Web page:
M&A pairing of Standard Pacific and Ryland.

This week’s historic Ryland-Standard Pacific merger created the fourth largest home builder in the industry, with a market cap of roughly $5.2 billion and a footprint that reaches roughly 17 states and 41 MSAs. 

And, analysts see a lot of potential in the new, supersized entity.

Raymond James sees a number of benefits to the deal, including facilitating accelerated growth through broader diversification, strengthening of balance sheets (i.e., potential credit rating upgrades), and potential synergies, including operational economies of scale and capital markets opportunities afforded to a larger market capitalization. 

“One of the longer-term benefits from the deal will be the increase in the market cap of the combined company above the $5 billion threshold,” Horne wrote. “We note the larger-cap home builders with market caps over $5 billion currently trade at 15%-20% multiple premiums (on projected 2016 earnings) to the smaller-cap homebuilders.”

As with any merger, efficiencies will also drive savings. J.P. Morgan’s Michael Rehaut wrote that the deal will offer $50-$70 million of synergies, including $10 million to $20 million from a reduction in cost of sales, with the balance expected from overhead reduction. About half of those savings, $30 million to $35 million, will be enjoyed by the end of 2015, with the full run rate of synergies to be achieved in 12 to 15 months.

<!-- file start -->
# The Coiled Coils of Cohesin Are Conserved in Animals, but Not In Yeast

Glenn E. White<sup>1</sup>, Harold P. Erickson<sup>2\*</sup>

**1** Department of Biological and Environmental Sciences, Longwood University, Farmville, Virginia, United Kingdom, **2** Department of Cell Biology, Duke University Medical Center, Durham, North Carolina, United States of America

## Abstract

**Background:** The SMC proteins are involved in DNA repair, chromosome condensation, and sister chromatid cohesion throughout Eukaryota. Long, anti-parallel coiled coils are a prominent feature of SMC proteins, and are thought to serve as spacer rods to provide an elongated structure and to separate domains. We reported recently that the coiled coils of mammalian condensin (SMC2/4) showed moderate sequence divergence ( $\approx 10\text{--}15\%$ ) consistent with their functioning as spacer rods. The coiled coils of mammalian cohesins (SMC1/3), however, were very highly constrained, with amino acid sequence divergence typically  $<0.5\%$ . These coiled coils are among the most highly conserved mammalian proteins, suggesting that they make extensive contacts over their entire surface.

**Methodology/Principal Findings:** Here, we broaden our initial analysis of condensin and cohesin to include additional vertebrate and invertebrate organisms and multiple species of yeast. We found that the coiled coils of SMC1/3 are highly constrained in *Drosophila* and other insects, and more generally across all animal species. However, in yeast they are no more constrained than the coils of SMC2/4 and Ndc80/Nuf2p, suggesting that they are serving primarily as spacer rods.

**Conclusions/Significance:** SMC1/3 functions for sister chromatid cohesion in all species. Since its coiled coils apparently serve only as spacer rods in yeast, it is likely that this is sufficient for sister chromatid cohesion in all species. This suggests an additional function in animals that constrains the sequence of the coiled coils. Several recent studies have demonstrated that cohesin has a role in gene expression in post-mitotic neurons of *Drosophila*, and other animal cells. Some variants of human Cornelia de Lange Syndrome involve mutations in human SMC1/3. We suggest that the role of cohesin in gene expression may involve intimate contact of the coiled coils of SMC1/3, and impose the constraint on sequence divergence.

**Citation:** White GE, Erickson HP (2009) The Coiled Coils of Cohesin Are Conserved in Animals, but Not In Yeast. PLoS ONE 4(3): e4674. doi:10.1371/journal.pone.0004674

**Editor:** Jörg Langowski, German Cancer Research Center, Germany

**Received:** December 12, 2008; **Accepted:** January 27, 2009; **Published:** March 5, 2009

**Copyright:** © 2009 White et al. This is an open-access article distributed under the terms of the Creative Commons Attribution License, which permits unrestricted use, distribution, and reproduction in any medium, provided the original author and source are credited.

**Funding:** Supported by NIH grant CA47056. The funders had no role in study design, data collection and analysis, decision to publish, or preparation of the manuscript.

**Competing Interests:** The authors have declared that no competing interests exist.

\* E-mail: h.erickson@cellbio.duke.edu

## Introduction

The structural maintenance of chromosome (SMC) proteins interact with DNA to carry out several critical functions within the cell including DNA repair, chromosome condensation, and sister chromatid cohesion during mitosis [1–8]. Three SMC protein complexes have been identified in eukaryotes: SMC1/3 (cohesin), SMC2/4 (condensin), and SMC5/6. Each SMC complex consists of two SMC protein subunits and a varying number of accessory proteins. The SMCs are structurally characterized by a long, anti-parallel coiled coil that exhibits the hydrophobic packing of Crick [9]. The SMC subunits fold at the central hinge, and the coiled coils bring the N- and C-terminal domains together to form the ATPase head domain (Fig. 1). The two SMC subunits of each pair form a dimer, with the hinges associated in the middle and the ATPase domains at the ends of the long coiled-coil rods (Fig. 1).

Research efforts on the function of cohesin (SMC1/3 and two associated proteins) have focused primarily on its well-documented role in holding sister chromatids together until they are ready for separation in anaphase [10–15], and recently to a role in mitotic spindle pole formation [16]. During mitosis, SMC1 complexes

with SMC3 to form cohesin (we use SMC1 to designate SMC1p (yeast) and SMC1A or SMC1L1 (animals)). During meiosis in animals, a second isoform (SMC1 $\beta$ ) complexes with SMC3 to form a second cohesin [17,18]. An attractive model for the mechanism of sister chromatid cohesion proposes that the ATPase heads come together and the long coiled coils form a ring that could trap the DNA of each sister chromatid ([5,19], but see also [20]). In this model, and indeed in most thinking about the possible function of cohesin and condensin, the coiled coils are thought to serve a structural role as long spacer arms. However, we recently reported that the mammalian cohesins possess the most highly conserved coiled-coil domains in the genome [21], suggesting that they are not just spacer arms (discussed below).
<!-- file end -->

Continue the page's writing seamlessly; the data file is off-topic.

Upfront costs—like $100 million to $150 million of purchase accounting "mark ups" to Ryland's existing backlog; $50 million to 55 million of transaction costs; and $25 million to $30 million of integration costs—mean there probably won’t be any material earnings accretion until late 2016 or 2017, according to Raymond James.

Maklari feels good about the future prospects for the new entity.

“The conservative nature of both these management teams leaves us feeling comfortable about their continued focus on profitability and driving long term shareholder value,” UBS’s Maklari wrote. “We'd note that Ryland has completed numerous smaller acquisitions as the recovery has taken hold, giving it experience in successfully integrating the operations of two entities.”

While the merger foreshadows more M&A in coming months, [UBS] remains skeptical. Management stated it wants to be "a leader rather than a follower" in the event an industry consolidation wave is at hand - but we are not convinced that a series of M&A dominoes is about to fall,” he wrote

But as BUILDER’s John McManus noted earlier this week, other analysts expect some more M&A coming.

“We expected the trend of public-to-public M&A to expand. Our view considers a moderate recovery increases the focus on cost controls and driving overhead leverage; the land environment makes it harder for builders to operate as asset light companies and the lack of developers hinders their ability to grow quickly; and DTAs have been brought back on balance sheet (for both SPF & RYL) and companies are growing assets and utilizing them,” Maklari said in a research report.